- Taschenbuch: 672 Seiten
- Verlag: Sybex; Auflage: New. (5. Februar 2013)
- Sprache: Englisch
- ISBN-10: 1118301293
- ISBN-13: 978-1118301296
- Größe und/oder Gewicht: 18,8 x 3,6 x 23,6 cm
- Durchschnittliche Kundenbewertung: 1 Kundenrezension
- Amazon Bestseller-Rang: Nr. 169.813 in Fremdsprachige Bücher (Siehe Top 100 in Fremdsprachige Bücher)
- Komplettes Inhaltsverzeichnis ansehen
Red Hat Enterprise Linux 6 Administration: Real World Skills for Red Hat Administrators (Englisch) Taschenbuch – 5. Februar 2013
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Take Your Career to the Next Level with This Practical Guide
If you want to excel as a Red Hat Enterprise Linux (RHEL) administrator, start with this definitive guide. Whether you're just beginning or are already an experienced RHEL admin looking to brush up on such things as setting up web servers, clustering, or DNS and DHCP, this book explores real-world tasks and scenarios you'll face on the job and shows you step by step how to handle them. It's also a valuable supplement if you're preparing for the RHCSA or RHCE certification exams.
* Review the command line, software management, and booting
* Learn routine RHEL system admin tasks such as mounting and unmounting file systems, setting up a print environment, and scheduling jobs with cron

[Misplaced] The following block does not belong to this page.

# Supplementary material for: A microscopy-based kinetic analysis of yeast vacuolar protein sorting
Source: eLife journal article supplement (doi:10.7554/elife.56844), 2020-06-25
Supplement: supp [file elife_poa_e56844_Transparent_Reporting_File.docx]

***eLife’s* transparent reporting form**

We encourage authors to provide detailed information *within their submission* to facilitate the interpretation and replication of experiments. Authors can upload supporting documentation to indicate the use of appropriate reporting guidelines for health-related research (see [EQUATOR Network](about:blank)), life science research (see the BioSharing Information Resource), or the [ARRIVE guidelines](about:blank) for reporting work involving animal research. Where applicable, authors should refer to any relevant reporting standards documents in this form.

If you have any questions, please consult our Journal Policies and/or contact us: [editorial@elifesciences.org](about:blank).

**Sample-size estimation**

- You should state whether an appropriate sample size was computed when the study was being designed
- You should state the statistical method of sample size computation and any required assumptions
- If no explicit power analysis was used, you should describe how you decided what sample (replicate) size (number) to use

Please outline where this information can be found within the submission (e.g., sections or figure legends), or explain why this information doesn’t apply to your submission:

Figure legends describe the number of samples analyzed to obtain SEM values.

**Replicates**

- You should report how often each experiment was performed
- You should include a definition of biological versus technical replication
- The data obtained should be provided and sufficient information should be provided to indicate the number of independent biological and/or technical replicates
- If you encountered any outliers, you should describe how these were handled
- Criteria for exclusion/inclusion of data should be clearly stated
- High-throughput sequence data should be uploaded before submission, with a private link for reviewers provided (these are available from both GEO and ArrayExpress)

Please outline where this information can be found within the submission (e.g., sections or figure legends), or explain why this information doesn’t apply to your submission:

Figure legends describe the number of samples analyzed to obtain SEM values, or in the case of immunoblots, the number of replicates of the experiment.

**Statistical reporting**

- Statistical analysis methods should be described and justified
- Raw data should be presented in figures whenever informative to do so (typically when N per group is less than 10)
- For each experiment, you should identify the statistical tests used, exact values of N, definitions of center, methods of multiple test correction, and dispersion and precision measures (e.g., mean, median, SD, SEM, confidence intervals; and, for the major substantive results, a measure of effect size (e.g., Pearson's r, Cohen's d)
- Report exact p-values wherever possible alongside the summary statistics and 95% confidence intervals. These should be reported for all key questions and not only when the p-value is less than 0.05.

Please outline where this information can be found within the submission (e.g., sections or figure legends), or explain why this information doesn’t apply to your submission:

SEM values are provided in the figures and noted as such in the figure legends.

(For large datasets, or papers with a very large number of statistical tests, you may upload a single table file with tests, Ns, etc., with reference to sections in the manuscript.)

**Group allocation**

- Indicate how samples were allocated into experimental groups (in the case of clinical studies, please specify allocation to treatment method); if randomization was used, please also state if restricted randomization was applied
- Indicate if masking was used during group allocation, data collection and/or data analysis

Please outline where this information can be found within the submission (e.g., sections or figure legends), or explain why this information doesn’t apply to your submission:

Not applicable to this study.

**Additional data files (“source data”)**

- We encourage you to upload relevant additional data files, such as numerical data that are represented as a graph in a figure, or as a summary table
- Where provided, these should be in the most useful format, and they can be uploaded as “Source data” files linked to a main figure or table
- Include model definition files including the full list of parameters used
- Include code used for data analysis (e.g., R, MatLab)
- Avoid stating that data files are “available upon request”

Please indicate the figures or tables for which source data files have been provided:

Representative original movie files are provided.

* Manage storage, including partitions, logical and encrypted volumes, and swap space
* Configure networking from the command line and set up IPv6
* Understand and configure SELinux and set up a firewall and cryptographic services
* Set up local file sharing, a LAMP Server, a mail server, and DNS and DHCP
* Learn advanced RHEL techniques, such as configuring virtualization and HA, automating with shell scripting, and optimizing CPU performance
An ideal supplement if you're preparing for these exams:
Red Hat Certified System Administrator (RHCSA)
Red Hat Certified Engineer (RHCE)
Über den Autor und weitere Mitwirkende
Sander van Vugt is an independent technical trainer, consultant, and author of numerous titles on Linux. He has been using Linux almost since its inception, having first used it in 1992. Sander currently spends much of his time travelling around the world teaching Linux, including Red Hat. He is also a regular contributor to such publications as searchenterpriselinux.com and a frequent speaker at the leading Linux conferences.
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Gut sind wichtige Befehlszusammenfassungen und die Hinweise zu Open-Source
Die hilfreichsten Kundenrezensionen auf Amazon.com
"First you can manage the file .bash_history (note that the name of this file starts with a dot), which stores all of the commands you have used before. Every user has such a file which is stored in the home directory of the user. If, for example, you want to delete this file for the user joyce, just remove it with the command rm /home/joyce/.bash_history. Notice that you must be at the root to do this. Since the name of the file begins with a dot, it is a hidden file, and normal users cannot see hidden files."
Let's go over what exactly is wrong with this statement for those not familiar with linux.